Until recently, my Facebook and Instagram accounts were private and I went to great lengths to make sure my personal information wasn’t accessible online.
I’m also pretty shy. I come alive around friends, but can be pretty quiet in groups or meetings—I prefer to listen intently, think for a while, and then speak.
I have a tendency to work in roles where I’m in the background making things happen, but rarely in the public eye.
I’m the last person you’d think would go viral.
It all happened on October 19, 2016. I was streaming the third presidential debate on my computer while practicing design (something I’d been working on for a few months).
When Donald Trump, somewhat under his breath, called Hillary a “nasty woman,” I immediately designed the shirt and put it on my personal, private Instagram.
My friend Stephanie Brown, a tattooer and artist in Chicago with a lot of followers reposted it, and it spiraled from there.
I woke up to articles in The Cut, Teen Vogue, Elle, Cosmopolitan, and about 100 others…and I had over 10,000 orders. Of course, I was elated, but in a total panic. Um, how was I going to MAKE 10,000 shirts? I immediately jumped into action with the help of some friends and got-to-work.
Every crazy thing you could possibly imagine happened (seriously, so much of it is unbelievable and totally bizarre that you’d think I was lying!)—But, there I was: private, shy me, featured in over 100 publications, my personal information out for everyone to see.
I was doxed, my phone ringing every 2-3 minutes, my friends and family worried I was going to have a nervous breakdown.
Instead of crumbling, I rolled with it.
I immediately hired a CPA and lawyer to make sure the business was moving in the right direction and that my finances were transparent (50% of the proceeds from the Nasty Woman shirt go to Planned Parenthood).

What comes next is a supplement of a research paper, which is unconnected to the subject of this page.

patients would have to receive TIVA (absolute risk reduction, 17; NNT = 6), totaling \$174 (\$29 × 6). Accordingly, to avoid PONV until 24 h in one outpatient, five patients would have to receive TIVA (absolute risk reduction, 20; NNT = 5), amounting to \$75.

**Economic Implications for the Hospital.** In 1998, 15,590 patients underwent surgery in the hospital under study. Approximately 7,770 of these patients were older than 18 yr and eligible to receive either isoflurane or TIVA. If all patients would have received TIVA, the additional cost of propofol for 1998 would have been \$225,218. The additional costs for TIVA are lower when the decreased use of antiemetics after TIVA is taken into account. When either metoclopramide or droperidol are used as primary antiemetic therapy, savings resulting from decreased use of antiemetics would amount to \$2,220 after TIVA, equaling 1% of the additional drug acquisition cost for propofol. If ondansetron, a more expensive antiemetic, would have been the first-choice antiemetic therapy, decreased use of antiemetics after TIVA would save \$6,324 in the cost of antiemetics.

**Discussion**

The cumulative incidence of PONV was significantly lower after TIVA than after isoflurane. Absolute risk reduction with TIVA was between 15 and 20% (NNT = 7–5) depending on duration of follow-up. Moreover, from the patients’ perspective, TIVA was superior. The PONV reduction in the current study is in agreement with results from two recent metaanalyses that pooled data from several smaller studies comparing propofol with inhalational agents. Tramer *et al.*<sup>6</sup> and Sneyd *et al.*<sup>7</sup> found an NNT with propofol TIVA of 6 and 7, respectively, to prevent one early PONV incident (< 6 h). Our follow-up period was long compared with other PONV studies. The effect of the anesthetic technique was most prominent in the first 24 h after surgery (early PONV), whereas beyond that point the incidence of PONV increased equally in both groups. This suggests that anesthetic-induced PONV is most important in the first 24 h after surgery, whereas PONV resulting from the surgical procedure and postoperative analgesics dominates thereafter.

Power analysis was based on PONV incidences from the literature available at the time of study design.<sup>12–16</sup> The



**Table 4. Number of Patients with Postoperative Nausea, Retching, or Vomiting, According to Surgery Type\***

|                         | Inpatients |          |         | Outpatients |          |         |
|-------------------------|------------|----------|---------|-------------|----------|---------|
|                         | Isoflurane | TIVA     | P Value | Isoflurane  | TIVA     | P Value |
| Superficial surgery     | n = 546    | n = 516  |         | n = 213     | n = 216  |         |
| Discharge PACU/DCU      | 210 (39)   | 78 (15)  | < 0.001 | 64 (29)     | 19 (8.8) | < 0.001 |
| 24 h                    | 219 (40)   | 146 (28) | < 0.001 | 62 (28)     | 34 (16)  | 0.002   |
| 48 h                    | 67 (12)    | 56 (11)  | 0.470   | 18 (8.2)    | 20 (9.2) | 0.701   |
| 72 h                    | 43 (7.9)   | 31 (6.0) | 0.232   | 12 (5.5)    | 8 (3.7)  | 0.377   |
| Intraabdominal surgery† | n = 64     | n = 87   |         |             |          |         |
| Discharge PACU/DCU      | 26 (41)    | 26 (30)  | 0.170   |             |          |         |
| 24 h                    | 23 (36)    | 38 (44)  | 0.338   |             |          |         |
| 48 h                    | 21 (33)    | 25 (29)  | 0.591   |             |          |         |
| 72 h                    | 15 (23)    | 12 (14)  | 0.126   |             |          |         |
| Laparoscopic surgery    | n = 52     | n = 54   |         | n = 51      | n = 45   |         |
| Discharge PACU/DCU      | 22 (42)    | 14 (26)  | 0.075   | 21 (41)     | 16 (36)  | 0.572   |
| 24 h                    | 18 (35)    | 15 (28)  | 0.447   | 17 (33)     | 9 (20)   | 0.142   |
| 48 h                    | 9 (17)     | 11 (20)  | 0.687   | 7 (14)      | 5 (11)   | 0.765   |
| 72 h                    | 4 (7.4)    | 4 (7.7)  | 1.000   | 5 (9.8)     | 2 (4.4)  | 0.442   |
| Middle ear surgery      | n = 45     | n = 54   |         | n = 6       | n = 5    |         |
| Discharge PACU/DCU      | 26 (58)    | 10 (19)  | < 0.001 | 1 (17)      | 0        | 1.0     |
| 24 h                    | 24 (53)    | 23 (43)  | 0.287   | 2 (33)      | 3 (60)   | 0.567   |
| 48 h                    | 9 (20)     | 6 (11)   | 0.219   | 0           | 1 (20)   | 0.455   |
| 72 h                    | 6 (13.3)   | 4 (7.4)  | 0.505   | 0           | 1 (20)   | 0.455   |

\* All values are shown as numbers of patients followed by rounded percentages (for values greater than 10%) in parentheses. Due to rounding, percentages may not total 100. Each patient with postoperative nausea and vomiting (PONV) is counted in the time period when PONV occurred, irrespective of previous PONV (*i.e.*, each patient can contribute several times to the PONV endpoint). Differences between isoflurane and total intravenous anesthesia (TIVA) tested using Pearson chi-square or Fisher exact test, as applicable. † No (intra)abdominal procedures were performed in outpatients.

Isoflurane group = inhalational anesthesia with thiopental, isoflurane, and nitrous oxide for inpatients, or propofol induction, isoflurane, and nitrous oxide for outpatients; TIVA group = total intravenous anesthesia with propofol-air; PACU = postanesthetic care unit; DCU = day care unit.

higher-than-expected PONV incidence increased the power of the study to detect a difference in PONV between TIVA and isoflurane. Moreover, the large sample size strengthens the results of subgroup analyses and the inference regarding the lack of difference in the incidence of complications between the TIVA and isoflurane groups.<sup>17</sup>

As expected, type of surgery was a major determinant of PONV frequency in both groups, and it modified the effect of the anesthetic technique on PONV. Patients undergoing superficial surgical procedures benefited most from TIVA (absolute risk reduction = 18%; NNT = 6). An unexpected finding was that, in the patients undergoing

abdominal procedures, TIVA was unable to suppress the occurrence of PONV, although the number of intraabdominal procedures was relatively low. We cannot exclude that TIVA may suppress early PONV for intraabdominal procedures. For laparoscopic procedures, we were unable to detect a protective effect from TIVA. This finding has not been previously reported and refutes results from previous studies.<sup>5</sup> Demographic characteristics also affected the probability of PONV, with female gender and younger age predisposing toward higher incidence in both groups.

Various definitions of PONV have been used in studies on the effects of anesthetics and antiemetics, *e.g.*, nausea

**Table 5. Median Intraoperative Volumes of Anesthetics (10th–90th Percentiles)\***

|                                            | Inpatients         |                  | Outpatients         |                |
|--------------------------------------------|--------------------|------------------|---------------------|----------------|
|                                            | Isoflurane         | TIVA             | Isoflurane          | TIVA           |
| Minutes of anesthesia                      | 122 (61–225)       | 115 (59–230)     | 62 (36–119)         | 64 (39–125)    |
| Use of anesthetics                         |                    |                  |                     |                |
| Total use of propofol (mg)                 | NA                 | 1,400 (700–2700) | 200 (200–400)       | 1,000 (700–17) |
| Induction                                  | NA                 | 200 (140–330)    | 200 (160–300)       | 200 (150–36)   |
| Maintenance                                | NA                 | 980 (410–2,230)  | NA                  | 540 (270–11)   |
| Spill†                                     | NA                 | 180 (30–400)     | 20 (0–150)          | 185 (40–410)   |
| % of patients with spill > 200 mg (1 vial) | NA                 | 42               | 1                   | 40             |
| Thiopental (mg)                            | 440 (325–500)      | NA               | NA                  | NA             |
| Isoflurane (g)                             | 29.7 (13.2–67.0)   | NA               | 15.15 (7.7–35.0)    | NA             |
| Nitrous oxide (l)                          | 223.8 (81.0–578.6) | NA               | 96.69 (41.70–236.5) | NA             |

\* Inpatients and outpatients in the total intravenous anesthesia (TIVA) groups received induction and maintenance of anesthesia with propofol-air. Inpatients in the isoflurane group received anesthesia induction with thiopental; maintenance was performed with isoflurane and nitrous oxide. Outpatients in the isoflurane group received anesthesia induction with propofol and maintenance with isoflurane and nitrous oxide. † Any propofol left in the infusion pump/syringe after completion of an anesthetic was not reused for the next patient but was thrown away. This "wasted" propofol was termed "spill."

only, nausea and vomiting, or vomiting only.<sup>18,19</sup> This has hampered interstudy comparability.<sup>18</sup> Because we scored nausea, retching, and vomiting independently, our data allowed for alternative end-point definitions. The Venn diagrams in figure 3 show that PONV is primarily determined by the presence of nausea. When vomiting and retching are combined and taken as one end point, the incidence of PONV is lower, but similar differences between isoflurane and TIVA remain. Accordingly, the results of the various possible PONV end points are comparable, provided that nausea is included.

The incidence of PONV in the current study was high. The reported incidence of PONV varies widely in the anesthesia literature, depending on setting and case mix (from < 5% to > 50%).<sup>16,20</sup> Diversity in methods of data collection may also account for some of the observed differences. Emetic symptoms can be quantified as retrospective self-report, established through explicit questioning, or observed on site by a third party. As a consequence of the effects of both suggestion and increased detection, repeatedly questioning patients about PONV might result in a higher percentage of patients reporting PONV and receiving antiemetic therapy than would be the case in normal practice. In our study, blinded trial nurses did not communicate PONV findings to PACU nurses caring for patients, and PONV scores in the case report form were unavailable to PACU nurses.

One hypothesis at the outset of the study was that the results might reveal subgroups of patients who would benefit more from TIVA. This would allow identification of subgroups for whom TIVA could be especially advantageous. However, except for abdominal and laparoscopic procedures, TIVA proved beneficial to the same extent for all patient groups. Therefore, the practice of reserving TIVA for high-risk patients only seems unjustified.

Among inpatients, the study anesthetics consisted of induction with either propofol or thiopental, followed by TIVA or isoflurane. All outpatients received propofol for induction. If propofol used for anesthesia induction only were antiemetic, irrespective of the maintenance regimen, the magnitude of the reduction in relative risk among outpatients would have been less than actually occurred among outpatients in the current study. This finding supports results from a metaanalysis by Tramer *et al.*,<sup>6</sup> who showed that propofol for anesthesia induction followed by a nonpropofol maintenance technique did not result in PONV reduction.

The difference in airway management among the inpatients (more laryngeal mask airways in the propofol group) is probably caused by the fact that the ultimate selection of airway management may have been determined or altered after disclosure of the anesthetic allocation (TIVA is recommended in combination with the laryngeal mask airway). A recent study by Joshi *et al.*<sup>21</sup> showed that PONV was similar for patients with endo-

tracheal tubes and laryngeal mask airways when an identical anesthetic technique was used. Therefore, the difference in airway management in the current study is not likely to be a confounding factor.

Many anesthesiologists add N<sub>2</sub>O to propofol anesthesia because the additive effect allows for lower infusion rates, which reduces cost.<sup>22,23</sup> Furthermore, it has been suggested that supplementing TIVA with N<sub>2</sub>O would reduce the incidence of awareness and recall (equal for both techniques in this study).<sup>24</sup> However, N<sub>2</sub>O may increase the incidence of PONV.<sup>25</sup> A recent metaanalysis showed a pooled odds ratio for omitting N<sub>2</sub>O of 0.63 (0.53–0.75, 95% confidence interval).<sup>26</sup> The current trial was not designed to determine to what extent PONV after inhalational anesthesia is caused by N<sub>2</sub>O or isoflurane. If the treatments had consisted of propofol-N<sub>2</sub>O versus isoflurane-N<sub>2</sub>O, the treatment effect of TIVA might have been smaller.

I cried a lot. I got a therapist. I made my Instagram public.
I embraced the inquiries, the calls, and the thoughtful criticism. I teamed up with other artists, businesses, and nonprofits to create more opportunities. I forced myself to become comfortable with the attention—and after a while, started to enjoy the forced extroversion!
There’s no guidebook on what to do if you go viral and institutions like banks, PayPal, etc., aren’t prepared for your overnight success either—they all froze my accounts and caused major headaches.
For example: how can I mail out shirts when customer payments are frozen and I can’t access money to ship?
Going viral was organic and quick, but managing virality has been an incredible amount of work and sustained effort. Through it all, I’ve amassed some insane stories that I plan to share one day!
My friendships have been strengthened (my best friend is now the co-owner of the business), and I’ve been able to raise over $130,000 for nonprofits that help women and girls.
I’m not so private anymore, so let’s connect!
For a closer look at our amazing Muses community members of small businesses and influencers, check out the following features:
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- Why Influencer Marketing is Great for Crowdfunding Platforms
- This Workout Trend is Bringing FOMO to Fitness
- Candy Washington on How to Build a Brand out of Your Passion
- Here’s Why Keisha Howard is the New Face of Geek Culture
Amanda Brinkman is the creative and operations director of Pelican Bomb, a nonprofit dedicated to revitalizing the visual arts community in New Orleans. She’s also the founder of Google Ghost and designer behind everyone’s favorite Nasty Woman t-shirt.